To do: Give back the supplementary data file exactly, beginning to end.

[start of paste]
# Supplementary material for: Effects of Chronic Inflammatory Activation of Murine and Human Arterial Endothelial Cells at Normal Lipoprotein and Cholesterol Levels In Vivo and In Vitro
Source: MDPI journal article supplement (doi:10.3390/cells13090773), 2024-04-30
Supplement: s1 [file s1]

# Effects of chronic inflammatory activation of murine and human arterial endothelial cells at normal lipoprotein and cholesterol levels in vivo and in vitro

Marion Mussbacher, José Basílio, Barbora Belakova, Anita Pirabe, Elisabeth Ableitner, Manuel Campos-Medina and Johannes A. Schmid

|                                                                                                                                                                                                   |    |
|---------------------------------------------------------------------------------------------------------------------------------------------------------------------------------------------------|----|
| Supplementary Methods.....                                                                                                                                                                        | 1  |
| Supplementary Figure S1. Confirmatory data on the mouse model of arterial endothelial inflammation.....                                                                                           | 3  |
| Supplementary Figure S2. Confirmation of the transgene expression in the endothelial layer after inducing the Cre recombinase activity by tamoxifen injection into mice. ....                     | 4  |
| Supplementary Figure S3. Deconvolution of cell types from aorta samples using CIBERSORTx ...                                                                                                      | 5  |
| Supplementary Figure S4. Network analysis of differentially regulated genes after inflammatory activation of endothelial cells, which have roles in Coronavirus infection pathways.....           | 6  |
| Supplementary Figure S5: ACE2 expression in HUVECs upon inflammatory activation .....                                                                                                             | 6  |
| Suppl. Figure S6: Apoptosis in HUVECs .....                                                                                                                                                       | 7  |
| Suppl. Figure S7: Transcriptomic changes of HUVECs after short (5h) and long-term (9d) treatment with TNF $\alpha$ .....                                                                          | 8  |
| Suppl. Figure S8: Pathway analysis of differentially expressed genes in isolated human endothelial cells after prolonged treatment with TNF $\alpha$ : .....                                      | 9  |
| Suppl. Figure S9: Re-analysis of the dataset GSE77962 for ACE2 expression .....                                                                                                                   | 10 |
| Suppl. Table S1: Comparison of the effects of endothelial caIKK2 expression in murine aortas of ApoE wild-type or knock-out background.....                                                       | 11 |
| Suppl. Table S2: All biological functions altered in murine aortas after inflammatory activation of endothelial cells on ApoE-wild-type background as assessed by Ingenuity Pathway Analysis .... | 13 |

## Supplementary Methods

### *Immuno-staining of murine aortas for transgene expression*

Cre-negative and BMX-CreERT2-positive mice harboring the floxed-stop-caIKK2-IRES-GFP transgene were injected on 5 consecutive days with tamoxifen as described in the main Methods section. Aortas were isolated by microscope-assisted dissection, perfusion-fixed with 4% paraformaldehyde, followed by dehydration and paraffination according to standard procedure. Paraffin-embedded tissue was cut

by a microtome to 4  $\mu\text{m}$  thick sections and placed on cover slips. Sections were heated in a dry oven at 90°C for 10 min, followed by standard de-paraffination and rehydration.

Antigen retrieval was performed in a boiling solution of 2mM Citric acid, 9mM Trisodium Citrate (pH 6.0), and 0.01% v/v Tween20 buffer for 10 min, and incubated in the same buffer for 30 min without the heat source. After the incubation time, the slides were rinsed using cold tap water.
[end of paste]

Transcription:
# Supplementary material for: Effects of Chronic Inflammatory Activation of Murine and Human Arterial Endothelial Cells at Normal Lipoprotein and Cholesterol Levels In Vivo and In Vitro
Source: MDPI journal article supplement (doi:10.3390/cells13090773), 2024-04-30
Supplement: s1 [file s1]

# Effects of chronic inflammatory activation of murine and human arterial endothelial cells at normal lipoprotein and cholesterol levels in vivo and in vitro

Marion Mussbacher, José Basílio, Barbora Belakova, Anita Pirabe, Elisabeth Ableitner, Manuel Campos-Medina and Johannes A. Schmid

|                                                                                                                                                                                                   |    |
|---------------------------------------------------------------------------------------------------------------------------------------------------------------------------------------------------|----|
| Supplementary Methods.....                                                                                                                                                                        | 1  |
| Supplementary Figure S1. Confirmatory data on the mouse model of arterial endothelial inflammation.....                                                                                           | 3  |
| Supplementary Figure S2. Confirmation of the transgene expression in the endothelial layer after inducing the Cre recombinase activity by tamoxifen injection into mice. ....                     | 4  |
| Supplementary Figure S3. Deconvolution of cell types from aorta samples using CIBERSORTx ...                                                                                                      | 5  |
| Supplementary Figure S4. Network analysis of differentially regulated genes after inflammatory activation of endothelial cells, which have roles in Coronavirus infection pathways.....           | 6  |
| Supplementary Figure S5: ACE2 expression in HUVECs upon inflammatory activation .....                                                                                                             | 6  |
| Suppl. Figure S6: Apoptosis in HUVECs .....                                                                                                                                                       | 7  |
| Suppl. Figure S7: Transcriptomic changes of HUVECs after short (5h) and long-term (9d) treatment with TNF $\alpha$ .....                                                                          | 8  |
| Suppl. Figure S8: Pathway analysis of differentially expressed genes in isolated human endothelial cells after prolonged treatment with TNF $\alpha$ : .....                                      | 9  |
| Suppl. Figure S9: Re-analysis of the dataset GSE77962 for ACE2 expression .....                                                                                                                   | 10 |
| Suppl. Table S1: Comparison of the effects of endothelial caIKK2 expression in murine aortas of ApoE wild-type or knock-out background.....                                                       | 11 |
| Suppl. Table S2: All biological functions altered in murine aortas after inflammatory activation of endothelial cells on ApoE-wild-type background as assessed by Ingenuity Pathway Analysis .... | 13 |

## Supplementary Methods

### *Immuno-staining of murine aortas for transgene expression*

Cre-negative and BMX-CreERT2-positive mice harboring the floxed-stop-caIKK2-IRES-GFP transgene were injected on 5 consecutive days with tamoxifen as described in the main Methods section. Aortas were isolated by microscope-assisted dissection, perfusion-fixed with 4% paraformaldehyde, followed by dehydration and paraffination according to standard procedure. Paraffin-embedded tissue was cut

by a microtome to 4  $\mu\text{m}$  thick sections and placed on cover slips. Sections were heated in a dry oven at 90°C for 10 min, followed by standard de-paraffination and rehydration.

Antigen retrieval was performed in a boiling solution of 2mM Citric acid, 9mM Trisodium Citrate (pH 6.0), and 0.01% v/v Tween20 buffer for 10 min, and incubated in the same buffer for 30 min without the heat source. After the incubation time, the slides were rinsed using cold tap water.